UK in sharper decline than EU
Many countries in Western Europe have seen an increased growth rate whilst the UK has suffered a steady decline, with a difference as much as 2% compared to countries like Norway and Austria.
The research shows that whilst certain food categories such as baby food have maintained a near consistent growth rate over the past decade, staples like dairy, processed meat and seafood, soups and baked goods have diminished by as much as 6%.
Rise of Discounters
Euromonitor attributes this largely to the boom in discounter stores in the UK, which had a more profound effect on the market.
Alexander Krottke, food analyst at Euromonitor International told FoodNavigator: “The rise of discounters has been more felt in the UK and Ireland than in other European markets in the 2011-2016 period as the discounters had already reached (Countries such as Germany, Austria and Belgium) by having a higher level of maturity through a stronger network presence.”
When asked if the ‘modest improvements’ being felt in the UK could cancel out the effects discounter stores were having, Krottke said: “Discounters in the UK have already taken measures to diversify their strategy away from appealing to consumers solely on price differentials to one that integrates a message of high quality of product.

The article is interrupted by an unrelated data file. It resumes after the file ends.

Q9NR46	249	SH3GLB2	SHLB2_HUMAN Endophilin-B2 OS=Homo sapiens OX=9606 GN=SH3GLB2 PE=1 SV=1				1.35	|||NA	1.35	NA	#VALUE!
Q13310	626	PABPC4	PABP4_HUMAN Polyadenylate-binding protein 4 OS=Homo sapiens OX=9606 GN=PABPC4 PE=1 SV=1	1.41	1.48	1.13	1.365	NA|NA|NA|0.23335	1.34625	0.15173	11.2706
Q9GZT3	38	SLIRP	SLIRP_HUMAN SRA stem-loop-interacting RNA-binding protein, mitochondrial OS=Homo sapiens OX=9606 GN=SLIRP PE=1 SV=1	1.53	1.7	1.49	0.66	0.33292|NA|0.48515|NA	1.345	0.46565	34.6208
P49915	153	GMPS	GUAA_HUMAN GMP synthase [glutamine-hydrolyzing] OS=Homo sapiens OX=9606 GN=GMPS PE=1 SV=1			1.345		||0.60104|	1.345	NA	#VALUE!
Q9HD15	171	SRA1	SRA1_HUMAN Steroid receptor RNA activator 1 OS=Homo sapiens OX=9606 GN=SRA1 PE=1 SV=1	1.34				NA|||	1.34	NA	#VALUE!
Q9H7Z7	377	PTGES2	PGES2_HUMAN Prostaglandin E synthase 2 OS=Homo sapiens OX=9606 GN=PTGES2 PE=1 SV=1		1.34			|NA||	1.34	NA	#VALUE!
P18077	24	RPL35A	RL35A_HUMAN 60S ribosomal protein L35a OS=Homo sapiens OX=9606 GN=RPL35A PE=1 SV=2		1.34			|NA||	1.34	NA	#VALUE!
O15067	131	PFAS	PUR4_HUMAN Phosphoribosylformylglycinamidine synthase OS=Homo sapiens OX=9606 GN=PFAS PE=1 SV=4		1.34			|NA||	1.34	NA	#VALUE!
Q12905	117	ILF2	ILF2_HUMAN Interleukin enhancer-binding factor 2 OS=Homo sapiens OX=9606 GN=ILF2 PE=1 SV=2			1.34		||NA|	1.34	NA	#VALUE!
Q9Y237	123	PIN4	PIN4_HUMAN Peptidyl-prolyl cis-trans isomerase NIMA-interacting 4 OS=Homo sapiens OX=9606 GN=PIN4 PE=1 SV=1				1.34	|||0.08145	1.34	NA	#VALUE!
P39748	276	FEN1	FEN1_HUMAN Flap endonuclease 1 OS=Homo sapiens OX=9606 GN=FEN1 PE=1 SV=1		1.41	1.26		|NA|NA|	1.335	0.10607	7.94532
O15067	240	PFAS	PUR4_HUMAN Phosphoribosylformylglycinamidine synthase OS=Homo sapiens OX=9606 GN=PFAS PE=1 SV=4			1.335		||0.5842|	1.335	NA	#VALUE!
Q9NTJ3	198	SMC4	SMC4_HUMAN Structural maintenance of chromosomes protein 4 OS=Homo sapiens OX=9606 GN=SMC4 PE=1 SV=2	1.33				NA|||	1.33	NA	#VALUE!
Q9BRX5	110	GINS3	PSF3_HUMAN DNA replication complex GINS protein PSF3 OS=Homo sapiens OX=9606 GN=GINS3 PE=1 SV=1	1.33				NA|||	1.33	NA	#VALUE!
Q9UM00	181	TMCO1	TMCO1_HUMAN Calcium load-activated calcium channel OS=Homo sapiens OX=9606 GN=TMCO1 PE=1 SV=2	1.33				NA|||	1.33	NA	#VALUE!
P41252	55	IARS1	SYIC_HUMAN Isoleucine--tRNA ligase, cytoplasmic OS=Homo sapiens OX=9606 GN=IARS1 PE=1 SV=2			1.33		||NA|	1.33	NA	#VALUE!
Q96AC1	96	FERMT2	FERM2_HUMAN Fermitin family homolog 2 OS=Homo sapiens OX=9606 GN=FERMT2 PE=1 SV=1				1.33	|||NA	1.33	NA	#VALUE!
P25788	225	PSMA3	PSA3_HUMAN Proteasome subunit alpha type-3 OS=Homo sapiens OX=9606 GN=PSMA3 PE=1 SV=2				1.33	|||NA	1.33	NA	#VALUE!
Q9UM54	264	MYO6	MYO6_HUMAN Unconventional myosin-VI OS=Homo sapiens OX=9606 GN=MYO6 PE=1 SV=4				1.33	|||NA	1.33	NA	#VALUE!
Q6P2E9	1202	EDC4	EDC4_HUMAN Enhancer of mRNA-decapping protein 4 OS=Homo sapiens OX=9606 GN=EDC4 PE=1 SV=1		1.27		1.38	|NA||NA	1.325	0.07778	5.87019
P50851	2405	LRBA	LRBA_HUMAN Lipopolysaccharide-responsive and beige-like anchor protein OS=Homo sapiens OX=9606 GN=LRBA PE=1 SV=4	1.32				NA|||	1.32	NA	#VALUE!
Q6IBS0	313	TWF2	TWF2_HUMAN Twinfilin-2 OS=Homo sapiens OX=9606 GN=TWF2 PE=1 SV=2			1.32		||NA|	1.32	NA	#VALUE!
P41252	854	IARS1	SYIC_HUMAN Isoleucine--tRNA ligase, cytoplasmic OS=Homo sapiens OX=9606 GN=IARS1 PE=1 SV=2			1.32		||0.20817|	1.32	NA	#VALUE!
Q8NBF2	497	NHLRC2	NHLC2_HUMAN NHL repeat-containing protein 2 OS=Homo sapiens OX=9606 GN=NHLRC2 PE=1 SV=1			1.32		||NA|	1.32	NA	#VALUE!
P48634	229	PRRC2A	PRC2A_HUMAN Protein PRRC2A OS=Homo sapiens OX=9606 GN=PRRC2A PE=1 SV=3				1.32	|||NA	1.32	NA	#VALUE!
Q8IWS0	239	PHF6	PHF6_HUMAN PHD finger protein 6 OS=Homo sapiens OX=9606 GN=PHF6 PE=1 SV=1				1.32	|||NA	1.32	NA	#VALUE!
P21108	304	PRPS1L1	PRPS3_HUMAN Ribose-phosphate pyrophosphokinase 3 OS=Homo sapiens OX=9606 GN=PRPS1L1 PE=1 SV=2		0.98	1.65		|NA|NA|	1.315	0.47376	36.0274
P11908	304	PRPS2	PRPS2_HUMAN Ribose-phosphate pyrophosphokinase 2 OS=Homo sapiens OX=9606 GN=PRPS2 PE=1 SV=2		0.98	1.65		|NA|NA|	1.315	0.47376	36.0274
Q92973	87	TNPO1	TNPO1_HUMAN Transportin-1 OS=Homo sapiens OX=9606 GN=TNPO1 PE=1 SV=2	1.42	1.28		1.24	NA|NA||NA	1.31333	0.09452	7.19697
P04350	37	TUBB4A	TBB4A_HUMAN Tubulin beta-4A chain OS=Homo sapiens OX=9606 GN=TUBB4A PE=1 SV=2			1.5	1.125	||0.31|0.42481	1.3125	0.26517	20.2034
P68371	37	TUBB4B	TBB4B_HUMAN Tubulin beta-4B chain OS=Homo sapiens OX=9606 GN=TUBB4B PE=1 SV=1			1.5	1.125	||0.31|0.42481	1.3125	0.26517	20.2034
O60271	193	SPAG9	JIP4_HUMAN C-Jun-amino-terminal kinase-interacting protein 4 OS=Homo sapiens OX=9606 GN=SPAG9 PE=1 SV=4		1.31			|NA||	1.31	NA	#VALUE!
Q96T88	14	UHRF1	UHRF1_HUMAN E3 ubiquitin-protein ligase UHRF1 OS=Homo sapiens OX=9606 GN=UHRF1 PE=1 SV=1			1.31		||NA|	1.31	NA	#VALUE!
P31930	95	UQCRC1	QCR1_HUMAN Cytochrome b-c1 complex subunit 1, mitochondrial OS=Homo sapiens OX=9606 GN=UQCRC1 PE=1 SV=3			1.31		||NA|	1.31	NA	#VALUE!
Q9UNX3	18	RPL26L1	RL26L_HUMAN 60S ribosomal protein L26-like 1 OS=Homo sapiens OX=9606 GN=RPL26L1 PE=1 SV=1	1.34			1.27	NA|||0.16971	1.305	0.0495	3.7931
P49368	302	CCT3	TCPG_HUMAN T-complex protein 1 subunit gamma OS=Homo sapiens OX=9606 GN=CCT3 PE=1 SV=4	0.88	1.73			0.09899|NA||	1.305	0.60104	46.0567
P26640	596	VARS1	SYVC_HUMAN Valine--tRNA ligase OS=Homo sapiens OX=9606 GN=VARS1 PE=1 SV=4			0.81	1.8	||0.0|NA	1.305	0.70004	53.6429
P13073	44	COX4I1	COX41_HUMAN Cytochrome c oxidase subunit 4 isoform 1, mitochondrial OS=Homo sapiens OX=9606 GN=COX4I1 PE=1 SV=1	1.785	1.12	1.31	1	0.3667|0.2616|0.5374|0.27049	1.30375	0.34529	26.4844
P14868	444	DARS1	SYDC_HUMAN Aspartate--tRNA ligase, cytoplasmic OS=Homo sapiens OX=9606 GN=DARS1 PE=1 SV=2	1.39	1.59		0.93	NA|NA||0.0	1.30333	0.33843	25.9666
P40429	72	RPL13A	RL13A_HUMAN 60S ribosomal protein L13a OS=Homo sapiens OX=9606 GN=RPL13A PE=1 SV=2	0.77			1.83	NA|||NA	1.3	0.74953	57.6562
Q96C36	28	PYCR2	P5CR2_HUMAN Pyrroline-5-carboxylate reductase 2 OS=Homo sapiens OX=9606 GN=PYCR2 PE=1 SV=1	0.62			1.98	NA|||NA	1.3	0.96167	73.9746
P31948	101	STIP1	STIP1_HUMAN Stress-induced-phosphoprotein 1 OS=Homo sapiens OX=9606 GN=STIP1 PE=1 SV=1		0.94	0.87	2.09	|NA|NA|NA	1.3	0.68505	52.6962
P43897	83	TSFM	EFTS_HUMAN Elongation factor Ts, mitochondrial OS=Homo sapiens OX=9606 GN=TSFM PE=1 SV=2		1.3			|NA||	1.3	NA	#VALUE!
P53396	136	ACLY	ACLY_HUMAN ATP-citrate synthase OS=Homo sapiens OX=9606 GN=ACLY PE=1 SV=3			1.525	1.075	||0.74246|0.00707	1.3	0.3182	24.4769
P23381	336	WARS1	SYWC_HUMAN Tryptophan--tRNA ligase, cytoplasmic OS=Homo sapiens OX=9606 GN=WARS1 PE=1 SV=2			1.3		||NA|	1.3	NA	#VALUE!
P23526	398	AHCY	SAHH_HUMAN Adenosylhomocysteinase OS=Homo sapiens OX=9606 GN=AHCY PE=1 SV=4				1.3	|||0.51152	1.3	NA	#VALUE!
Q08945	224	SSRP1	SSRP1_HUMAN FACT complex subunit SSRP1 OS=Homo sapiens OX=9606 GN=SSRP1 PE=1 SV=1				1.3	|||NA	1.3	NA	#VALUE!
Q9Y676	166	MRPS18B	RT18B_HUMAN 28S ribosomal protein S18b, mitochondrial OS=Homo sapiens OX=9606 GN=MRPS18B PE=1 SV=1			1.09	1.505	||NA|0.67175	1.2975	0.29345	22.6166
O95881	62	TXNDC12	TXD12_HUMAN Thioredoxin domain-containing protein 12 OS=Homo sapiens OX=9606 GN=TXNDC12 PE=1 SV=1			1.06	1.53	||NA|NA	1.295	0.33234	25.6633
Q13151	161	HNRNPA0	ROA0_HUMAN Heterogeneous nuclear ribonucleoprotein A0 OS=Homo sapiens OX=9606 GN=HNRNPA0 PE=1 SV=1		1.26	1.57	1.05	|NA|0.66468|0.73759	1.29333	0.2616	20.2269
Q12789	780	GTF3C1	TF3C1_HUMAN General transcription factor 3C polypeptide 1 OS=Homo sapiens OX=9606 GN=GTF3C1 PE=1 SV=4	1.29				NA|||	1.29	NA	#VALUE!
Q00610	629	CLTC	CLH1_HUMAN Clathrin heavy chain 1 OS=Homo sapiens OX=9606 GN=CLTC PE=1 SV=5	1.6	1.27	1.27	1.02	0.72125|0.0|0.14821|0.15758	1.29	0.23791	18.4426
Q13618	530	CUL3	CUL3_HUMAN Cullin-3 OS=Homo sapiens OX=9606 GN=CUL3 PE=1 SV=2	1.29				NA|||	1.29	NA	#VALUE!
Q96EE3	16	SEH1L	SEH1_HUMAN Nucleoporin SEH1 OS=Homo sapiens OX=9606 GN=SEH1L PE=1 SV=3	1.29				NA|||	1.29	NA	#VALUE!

“As such, UK discounters, notably Lidl and Aldi, are likely to become more immune in the future to the knock-on effects of economic improvement than has traditionally been the case. Nevertheless, this is not to say that pricing will diminish in significance for these retailers in the coming years – indeed quality at a lower price will be the key factor setting them apart from the competition as the tastes and culinary desires of British consumers continues to expand.”
Raphael Moreau, research analyst at Euromonitor International also said: “The consequences of Brexit are likely to lead the modest economic recovery to come to a halt... In addition, the depreciation of the pound leads to higher food prices and favours discounters against supermarkets and hypermarkets.”
Overcoming ‘Innovation fatigue’
Analysts also pointed to a degree of ‘innovation fatigue’, with few original packaged food products coming onto the market. Some products like popcorn, rapeseed oil and frozen yoghurt have shown impressive growth rates, but more mature food categories are more difficult to alter into successful new innovations.
Lamine Lahouasnia, head of packaged foods at Euromonitor, pointed to three general ways in which producers are attempting to overcome this:
“Marketing to the health and wellness wave and hoping that this continues to provide high levels of growth. This strategy generally requires investment, either in research and development or capital for acquisitions. Danone's recent purchase of WhiteWave is perhaps a good example of this.”
Secondly, creating on-the-go variants of products.
“Snacks have certainly been relatively immune to the low growth environment that afflicts the rest of packaged food and companies like PepsiCo, Lindt and Ferrero have shown that solid returns can be made in snacking,” he said.
Thirdly, merging companies to cut costs, as with the recent Heinz-Kraft merger, has helped companies practice ‘zero-based budgeting’ creating entirely new budgets without reference to past performance.
“As companies see stagnating growth in their core categories and markets, they will continue to seek aggressive cost-cutting to maintain profit margins. There are, of course, variations of the above strategies but they broadly fit into the wellness, snacking or consolidation themes.”